I am sympathetic with Michelle and other MJs who are trying to reconcile their faith in Jesus with their Jewish identity, however, I find the idea that the one God who made all peoples has an enduring and special covenant relationship with a particular ethnic group disturbingly provincial. If Michelle is right then I have to wonder if, in fact, God is a respecter of persons after all (contra Peter in Acts 10.34)! At least the scandal of Christian particularism is mitigated by the fact that the body of Christ is composed of people from every nation but this kind of particularism reflects an unsavory ethnocentrism.

    On the other hand, if the covenant with the Ancient Hebrews was always anticipatory of the new covenant, with the idea that one day it would be made “obsolete” as in Heb. 8.13, then the problem of God showing this kind of favoritism to a particular ethnic group goes away. So, this is where I am at, Michelle and other MJs can tack labels and hurl charges against this latter view all day long (e.g., “supersessionism” and “antisemitism”) but it won’t change fact that what they’re proposing is unacceptably provincial to many of us.

  • http://DerekLeman.com/Musings Derek Leman

    Thanks for the “urbane” compliment, Norman. I’m kvelling!

  • http://DerekLeman.com/Musings Derek Leman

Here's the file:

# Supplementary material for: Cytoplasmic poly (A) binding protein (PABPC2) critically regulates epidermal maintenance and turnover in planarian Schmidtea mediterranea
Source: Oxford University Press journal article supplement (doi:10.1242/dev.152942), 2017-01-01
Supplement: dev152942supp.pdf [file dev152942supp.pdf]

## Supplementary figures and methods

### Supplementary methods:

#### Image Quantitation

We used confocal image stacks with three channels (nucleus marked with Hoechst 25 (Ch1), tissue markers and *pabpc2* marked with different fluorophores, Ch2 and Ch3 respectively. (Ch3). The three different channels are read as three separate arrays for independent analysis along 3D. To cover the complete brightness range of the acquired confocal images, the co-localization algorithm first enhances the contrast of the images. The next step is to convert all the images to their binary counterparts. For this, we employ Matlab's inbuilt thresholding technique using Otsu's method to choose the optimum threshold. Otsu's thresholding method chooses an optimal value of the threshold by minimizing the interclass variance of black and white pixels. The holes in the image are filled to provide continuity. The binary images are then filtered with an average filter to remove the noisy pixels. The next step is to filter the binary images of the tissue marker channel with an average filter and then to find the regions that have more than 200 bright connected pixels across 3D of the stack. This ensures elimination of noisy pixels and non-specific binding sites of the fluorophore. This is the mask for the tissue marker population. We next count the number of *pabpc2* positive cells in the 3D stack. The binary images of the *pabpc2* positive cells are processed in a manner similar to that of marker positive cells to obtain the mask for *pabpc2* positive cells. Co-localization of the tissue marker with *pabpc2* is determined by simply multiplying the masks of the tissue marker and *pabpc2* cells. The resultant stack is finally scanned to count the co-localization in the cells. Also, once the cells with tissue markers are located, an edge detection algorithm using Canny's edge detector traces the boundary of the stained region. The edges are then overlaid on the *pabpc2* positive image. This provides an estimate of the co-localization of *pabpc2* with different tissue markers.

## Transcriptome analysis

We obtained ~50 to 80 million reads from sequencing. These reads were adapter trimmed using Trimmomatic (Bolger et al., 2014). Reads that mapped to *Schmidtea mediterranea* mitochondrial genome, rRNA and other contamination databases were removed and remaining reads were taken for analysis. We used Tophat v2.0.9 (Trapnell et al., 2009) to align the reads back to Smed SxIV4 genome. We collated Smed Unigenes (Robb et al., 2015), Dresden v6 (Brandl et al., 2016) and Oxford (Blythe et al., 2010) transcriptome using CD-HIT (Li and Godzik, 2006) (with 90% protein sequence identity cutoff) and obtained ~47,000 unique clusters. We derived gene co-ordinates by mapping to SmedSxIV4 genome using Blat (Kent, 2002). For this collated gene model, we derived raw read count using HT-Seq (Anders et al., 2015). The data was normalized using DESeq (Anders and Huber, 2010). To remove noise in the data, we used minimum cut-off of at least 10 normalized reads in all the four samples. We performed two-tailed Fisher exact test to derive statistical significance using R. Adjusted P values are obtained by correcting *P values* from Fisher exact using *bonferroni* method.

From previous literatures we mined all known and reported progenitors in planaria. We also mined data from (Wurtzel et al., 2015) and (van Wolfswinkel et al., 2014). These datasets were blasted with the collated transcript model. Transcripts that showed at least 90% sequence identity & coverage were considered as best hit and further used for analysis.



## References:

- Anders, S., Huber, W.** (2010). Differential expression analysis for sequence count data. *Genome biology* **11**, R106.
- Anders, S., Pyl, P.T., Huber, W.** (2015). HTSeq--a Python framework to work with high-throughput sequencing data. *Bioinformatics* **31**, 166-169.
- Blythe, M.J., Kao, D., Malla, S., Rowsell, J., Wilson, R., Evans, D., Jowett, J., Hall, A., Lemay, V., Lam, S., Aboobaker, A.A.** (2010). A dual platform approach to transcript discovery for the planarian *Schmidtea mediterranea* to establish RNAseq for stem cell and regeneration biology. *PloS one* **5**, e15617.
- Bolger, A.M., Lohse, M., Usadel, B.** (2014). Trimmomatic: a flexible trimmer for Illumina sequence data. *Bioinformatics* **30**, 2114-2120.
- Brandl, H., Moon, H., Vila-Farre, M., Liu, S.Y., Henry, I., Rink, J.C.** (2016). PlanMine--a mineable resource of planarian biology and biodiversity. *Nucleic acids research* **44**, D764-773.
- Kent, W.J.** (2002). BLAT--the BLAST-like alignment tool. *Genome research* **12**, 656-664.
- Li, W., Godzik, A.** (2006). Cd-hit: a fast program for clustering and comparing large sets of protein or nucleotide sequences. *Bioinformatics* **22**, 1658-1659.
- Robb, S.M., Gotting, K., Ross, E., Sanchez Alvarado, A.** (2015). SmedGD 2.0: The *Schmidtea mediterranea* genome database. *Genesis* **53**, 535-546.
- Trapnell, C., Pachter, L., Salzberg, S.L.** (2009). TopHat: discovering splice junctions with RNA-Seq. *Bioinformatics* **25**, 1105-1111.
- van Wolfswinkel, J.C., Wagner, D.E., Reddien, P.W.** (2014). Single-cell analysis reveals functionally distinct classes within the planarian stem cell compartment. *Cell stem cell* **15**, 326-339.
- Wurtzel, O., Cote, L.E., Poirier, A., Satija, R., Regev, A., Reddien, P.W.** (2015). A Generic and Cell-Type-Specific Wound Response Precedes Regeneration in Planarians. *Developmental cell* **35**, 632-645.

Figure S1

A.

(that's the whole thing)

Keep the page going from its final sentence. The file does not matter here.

Phil:

    I would try to persuade you against your anti-Torah (anti-Judaism) reading Paul with 5 brief points. Your reading: (1) pits Paul against his own practice of keeping Torah and tradition (Acts 21:20-26); (2) overlooks the fact that Paul writes to Gentiles who do not keep [all of] Torah; (3) does not take into account the range of meaning of “law” in Paul’s writings (needs further explanation, but I am being concise); (4) puts Paul against Jesus (Matt 5:17-20; 23:23); (5) pits Paul against Moses (Exod 31:13, et al).

    Realizing that Paul’s words can be read in harmony with Jesus and with Paul’s own practice is a first step out of the Old Perspective on Paul.

  • Phil Miller

    Well, first I embrace the NPP, for the most part. I don’t believe Jews were or are legalists. But I have not been convinced of is that there is any reason for Jews to continue to observe the Torah in light of what Christ has done. As I mentioned before, Paul seems to clearly indicate that the Torah served its purpose, and the author of Hebrews makes it clear that it is now obsolete.